IS DD MABUZA COMING OR GOING?
The deputy president takes his job seriously, but his low profile and his rift from the Dlamini-Zuma camp at Nasrec last year may cost him dearly
Among the big political questions to be asked in the new year is whether President Cyril Ramaphosa will retain his deputy, David Mabuza, after the general elections. Although the ANC branches have some latitude in influencing Ramaphosa’s decision, he is protected by the presidential prerogative to appoint anyone he prefers.
Ramaphosa would be keenly aware that the last time an ANC president sidelined his deputy, it ended badly.
Former president Thabo Mbeki lost his grip on the party after he fired his then deputy, former president Jacob Zuma, costing him both offices – in Luthuli House and at the Union Buildings.
Mabuza prides himself on being an organiser, and an exit from Pretoria would give him ample time to consolidate a strong base ahead of the party’s 2022 conference.
He does not do morning jogs like Ramaphosa, so he is relatively anonymous in the media space. But those in his corner say he prefers to go house to house, speak to people, take notes and propose solutions.
They praise him for his “common touch” — a tricky word that easily reminds one of “Ubaba listens”, Zuma’s former campaign ticket, and how catastrophically it ended for all of us.
It may be true that Mabuza, 58, is humble and down to earth, based on his upbringing as “a village boy”. But strategically, he would be doing himself a disfavour if he reminded the public of how Zuma was sweettalked into their ears before he put the country through tumultuous times.
The former Mpumalanga premier has carefully managed his relationship with Ramaphosa, including retaining the staff that Ramaphosa had hired in the office when he was still Zuma’s deputy.
He also takes the government tasks that Ramaphosa gives him very seriously, which may count in his favour when the moment comes. These include leading programmes on social cohesion, HIV/Aids campaigns and the land issue.
In his diary, City Press hears, these items come first – and “that explains why he has not been featuring a lot in ANC political events”.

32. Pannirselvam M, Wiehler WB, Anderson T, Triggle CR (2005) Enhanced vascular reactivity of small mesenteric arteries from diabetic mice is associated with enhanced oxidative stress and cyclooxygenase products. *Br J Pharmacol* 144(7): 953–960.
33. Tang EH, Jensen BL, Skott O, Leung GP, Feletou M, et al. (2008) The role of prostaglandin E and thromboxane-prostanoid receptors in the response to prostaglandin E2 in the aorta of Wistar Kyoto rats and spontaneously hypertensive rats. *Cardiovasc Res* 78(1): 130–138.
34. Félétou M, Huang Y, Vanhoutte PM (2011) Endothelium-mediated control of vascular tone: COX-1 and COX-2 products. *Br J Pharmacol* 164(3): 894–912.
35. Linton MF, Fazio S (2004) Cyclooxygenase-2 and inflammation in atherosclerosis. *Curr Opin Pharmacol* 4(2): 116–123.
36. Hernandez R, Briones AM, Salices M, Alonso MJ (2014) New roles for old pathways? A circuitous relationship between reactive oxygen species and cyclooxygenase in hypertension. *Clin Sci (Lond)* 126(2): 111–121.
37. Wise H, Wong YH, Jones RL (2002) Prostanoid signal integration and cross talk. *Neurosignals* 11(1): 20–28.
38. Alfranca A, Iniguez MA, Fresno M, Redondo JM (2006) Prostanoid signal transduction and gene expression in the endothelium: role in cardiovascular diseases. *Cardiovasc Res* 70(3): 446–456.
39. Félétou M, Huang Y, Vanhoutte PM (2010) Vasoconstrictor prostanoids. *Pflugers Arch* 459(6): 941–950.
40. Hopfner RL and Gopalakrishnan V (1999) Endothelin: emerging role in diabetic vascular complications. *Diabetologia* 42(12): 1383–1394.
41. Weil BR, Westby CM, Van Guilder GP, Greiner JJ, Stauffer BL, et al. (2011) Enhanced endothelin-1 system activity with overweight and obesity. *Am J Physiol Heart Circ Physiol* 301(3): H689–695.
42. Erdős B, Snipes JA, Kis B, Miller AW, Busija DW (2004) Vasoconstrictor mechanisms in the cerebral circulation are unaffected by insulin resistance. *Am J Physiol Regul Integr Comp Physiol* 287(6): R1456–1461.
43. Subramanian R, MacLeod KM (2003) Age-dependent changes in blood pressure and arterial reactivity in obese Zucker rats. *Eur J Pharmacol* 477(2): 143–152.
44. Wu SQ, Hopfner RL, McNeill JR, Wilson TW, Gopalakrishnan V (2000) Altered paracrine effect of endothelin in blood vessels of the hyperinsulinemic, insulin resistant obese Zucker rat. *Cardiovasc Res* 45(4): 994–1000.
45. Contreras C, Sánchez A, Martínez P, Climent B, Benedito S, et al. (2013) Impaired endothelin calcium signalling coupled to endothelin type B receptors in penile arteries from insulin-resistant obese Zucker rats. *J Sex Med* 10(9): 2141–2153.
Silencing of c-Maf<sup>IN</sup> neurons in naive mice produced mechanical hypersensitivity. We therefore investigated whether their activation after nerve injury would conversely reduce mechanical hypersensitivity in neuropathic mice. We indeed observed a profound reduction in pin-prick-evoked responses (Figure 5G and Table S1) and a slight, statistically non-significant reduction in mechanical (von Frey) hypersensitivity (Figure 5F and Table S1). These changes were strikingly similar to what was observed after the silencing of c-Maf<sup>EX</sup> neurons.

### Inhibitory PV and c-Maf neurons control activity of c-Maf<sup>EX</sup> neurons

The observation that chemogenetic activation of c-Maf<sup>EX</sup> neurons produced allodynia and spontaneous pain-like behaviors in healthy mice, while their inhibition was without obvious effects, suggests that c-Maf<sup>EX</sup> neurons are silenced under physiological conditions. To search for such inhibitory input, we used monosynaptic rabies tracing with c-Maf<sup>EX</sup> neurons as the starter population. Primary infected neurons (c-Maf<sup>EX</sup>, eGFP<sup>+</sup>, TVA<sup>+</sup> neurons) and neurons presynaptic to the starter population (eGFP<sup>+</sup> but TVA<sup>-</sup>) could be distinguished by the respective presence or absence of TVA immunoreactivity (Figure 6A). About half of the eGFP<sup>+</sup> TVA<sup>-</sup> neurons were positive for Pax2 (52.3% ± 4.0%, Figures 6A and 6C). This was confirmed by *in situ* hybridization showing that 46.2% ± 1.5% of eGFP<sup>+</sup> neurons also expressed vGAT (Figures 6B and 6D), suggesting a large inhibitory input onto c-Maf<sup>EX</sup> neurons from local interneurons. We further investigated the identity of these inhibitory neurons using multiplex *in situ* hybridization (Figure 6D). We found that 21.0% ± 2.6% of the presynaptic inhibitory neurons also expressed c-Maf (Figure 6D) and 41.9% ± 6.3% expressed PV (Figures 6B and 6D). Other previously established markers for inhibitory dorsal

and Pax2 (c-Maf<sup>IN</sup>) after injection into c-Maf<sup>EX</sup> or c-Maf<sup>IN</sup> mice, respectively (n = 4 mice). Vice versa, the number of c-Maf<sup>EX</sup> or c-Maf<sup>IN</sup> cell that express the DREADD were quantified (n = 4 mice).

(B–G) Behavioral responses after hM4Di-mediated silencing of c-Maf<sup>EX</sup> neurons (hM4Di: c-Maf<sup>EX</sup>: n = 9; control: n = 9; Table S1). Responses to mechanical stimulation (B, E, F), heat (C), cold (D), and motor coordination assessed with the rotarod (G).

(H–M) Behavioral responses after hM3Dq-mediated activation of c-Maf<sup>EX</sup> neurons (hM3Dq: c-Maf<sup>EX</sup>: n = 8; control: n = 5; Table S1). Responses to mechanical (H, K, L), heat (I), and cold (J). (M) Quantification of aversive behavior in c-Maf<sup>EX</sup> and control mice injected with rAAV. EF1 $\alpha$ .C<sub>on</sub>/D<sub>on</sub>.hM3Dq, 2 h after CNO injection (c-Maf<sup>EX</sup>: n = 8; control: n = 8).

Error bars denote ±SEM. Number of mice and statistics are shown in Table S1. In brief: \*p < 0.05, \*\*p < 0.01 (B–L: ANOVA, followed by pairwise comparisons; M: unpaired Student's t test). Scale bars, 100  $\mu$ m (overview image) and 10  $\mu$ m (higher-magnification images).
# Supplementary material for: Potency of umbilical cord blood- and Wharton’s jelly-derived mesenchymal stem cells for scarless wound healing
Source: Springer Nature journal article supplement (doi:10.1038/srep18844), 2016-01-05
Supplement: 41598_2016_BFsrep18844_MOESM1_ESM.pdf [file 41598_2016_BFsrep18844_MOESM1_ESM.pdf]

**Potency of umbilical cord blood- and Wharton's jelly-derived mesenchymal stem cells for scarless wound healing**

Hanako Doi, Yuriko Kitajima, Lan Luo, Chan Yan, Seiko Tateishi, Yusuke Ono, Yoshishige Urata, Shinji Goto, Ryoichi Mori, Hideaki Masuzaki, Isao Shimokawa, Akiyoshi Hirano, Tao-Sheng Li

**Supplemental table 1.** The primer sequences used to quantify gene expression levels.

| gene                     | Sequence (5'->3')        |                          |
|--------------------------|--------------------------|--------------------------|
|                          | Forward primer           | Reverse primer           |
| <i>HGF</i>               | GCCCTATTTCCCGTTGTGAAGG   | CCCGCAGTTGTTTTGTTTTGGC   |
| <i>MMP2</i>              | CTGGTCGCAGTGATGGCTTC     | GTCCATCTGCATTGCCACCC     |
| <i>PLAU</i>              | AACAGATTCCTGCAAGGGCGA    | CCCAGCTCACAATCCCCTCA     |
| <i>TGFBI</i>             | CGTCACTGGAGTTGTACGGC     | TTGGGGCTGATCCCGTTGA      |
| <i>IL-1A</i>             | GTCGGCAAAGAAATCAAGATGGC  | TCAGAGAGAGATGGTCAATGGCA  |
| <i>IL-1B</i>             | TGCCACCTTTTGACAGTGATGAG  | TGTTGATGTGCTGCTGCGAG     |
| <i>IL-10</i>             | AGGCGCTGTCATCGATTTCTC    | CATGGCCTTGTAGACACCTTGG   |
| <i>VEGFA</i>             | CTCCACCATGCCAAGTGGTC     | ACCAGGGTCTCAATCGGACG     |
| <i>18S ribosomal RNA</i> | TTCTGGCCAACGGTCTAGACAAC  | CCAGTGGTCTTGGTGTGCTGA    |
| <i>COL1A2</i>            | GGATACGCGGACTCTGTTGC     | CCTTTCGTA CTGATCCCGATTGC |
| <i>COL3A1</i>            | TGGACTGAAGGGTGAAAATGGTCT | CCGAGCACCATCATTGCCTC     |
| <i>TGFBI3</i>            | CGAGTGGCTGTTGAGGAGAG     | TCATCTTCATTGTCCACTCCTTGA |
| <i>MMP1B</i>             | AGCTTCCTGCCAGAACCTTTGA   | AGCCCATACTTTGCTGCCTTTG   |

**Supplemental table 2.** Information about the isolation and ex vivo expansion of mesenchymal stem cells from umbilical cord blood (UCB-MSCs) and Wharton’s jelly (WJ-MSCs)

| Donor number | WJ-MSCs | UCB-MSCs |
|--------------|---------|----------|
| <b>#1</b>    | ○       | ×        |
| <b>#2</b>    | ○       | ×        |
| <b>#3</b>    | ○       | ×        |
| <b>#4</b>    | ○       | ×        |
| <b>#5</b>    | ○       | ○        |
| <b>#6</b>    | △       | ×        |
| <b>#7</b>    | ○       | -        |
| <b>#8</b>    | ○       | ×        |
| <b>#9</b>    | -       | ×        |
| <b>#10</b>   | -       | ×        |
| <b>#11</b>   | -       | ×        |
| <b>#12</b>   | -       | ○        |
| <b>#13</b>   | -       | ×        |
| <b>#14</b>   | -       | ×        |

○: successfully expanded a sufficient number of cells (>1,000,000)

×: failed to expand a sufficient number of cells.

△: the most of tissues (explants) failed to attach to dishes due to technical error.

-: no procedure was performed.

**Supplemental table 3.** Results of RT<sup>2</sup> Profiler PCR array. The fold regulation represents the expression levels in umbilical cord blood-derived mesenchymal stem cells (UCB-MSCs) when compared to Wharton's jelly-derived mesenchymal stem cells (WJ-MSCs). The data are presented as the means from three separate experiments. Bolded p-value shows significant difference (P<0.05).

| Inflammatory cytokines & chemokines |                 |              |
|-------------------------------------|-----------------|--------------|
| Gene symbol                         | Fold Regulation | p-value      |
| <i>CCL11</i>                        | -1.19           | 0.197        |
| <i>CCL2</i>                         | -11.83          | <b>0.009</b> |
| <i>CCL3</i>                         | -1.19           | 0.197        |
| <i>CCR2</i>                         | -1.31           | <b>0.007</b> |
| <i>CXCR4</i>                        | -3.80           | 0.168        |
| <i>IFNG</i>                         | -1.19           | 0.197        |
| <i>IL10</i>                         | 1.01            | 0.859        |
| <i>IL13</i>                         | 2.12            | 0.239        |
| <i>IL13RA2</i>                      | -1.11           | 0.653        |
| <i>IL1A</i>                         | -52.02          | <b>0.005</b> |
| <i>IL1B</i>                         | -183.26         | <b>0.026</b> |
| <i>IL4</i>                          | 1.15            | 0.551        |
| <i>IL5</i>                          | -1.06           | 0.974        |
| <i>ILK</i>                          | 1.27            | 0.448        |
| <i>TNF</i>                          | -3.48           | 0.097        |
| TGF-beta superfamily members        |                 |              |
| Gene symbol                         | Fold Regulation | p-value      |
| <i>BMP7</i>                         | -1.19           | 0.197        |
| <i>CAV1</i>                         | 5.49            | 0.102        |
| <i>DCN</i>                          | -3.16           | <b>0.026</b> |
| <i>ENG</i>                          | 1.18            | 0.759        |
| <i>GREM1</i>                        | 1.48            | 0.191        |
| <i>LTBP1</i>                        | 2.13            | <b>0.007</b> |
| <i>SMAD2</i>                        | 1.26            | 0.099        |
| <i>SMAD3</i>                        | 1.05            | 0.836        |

In any case, “he would prefer that Luthuli House influences his political diary by deploying him”, says a source, instead of going on a frolic of his own.
But opponents attribute his absence in the ANC space to a growing paranoia that he may not be safe after a food-poisoning incident — a subject he avoids discussing as it appears to traumatise him.
They also point to the fact that his office diary is meticulously combed to avoid any possible threats – like the chaos that erupted in August at the funeral of the late struggle icon, Zondeni Sobukwe, in the Eastern Cape, where he had to be whisked away by security because of a rowdy crowd.
His camp disagrees. Using his aborted Eastern Cape appearance as an example, they say it had not been subjected to the rigorous checks usually conducted before his official visits because his attendance was required at the last minute, after Ramaphosa pulled out.
Mabuza avoids pitching at poorly organised events, which is why every invitation is thoroughly verified before he confirms his attendance.
Many South Africans say Mabuza “saved the nation” when he united his Mpumalanga voting bloc behind Ramaphosa at the Nasrec conference last December.
The alternative would have been a Zuma-sponsored Nkosazana Dlamini-Zuma presidency.
But Mabuza made powerful enemies in the process, and it has come back to bite him as ANC branches submit candidate nominations for the election lists.
His reception in eThekwini in KwaZulu-Natal, at the ANC’s upcoming January 8 rally, will be eagerly watched, given the whispers that the province is a “no-go area” for him.